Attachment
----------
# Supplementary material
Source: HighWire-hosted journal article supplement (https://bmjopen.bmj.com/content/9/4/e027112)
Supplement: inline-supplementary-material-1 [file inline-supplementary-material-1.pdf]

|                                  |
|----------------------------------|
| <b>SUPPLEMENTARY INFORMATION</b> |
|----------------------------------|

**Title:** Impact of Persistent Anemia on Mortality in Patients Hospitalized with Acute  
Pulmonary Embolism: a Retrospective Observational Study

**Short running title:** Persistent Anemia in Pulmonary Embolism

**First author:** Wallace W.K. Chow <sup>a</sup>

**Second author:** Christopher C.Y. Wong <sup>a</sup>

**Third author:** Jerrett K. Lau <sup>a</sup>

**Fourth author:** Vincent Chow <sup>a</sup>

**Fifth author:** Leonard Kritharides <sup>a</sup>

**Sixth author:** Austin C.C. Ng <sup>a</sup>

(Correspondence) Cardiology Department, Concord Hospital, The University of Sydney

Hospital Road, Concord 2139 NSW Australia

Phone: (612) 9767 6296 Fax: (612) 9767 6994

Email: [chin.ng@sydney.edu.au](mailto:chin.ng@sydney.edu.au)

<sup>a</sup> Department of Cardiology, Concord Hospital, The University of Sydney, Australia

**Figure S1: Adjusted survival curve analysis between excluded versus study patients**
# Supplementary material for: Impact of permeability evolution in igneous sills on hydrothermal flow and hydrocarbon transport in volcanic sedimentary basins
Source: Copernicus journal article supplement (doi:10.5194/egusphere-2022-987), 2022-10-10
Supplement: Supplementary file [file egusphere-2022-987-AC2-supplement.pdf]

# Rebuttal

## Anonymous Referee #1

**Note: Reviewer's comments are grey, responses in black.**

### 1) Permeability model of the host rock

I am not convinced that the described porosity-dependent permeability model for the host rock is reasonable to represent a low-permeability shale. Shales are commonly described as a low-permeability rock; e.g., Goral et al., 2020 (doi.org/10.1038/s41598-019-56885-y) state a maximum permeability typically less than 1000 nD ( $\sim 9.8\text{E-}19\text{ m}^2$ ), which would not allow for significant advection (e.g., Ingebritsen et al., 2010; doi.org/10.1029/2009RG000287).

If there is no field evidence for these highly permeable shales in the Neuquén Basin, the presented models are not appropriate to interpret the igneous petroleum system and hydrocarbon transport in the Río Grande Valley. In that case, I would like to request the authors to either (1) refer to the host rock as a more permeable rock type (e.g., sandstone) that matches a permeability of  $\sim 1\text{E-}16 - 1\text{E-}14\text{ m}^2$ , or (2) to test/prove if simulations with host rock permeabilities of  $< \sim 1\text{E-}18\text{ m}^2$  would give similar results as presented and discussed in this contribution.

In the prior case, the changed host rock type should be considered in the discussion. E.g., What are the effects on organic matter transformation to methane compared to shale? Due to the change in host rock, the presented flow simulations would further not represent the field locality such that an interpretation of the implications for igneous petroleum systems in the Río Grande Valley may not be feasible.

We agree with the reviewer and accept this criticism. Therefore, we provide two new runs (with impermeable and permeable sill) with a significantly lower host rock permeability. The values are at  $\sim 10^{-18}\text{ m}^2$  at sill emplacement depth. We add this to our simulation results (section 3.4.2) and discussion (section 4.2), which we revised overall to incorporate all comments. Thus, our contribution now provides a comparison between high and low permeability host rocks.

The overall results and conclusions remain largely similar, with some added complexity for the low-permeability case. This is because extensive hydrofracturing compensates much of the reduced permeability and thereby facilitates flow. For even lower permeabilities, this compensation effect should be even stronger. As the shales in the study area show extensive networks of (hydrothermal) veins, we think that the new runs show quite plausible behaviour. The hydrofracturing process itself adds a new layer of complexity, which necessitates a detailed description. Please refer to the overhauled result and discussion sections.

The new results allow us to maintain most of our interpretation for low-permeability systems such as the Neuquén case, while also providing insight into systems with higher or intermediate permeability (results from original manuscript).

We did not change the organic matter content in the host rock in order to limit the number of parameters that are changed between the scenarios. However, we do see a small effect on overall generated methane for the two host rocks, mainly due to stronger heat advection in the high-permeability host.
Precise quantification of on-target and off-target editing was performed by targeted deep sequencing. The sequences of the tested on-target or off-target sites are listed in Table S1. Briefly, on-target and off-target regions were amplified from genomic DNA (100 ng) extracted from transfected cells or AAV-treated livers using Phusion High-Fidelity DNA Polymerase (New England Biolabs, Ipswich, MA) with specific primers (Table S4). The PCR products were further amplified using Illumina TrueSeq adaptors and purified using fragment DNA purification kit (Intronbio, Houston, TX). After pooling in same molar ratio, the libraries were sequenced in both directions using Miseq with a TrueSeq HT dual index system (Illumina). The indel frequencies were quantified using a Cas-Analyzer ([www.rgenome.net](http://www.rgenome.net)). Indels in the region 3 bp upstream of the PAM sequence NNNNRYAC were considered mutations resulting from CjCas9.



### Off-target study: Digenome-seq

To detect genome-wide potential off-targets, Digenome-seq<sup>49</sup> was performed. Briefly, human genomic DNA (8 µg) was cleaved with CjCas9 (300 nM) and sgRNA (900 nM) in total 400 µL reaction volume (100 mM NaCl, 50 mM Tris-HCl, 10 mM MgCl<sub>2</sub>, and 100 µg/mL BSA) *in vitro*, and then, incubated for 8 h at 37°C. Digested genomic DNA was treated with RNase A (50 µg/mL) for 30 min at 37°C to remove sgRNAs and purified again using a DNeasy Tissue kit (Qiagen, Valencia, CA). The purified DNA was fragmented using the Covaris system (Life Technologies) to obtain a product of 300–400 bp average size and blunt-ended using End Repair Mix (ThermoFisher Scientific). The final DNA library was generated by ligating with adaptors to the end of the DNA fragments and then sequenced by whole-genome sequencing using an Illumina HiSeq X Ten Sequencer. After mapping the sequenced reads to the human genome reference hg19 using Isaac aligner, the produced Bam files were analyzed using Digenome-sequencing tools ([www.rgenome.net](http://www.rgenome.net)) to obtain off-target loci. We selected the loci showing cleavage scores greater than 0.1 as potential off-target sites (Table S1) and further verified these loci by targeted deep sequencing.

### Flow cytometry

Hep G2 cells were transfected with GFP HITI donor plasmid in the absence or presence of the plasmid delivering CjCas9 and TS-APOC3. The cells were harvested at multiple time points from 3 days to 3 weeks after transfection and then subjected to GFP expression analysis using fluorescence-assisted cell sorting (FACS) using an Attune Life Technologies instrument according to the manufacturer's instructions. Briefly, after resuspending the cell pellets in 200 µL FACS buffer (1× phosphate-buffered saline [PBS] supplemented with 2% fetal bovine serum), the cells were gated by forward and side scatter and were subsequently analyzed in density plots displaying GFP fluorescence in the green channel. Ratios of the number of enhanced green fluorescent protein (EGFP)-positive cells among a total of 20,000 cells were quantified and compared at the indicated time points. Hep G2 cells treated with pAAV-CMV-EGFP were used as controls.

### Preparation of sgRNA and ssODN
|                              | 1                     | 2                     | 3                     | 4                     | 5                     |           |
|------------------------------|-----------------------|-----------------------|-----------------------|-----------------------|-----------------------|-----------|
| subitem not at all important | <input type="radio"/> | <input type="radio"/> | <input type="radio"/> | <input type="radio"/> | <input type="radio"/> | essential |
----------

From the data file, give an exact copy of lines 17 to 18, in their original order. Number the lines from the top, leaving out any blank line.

(Correspondence) Cardiology Department, Concord Hospital, The University of Sydney

Hospital Road, Concord 2139 NSW Australia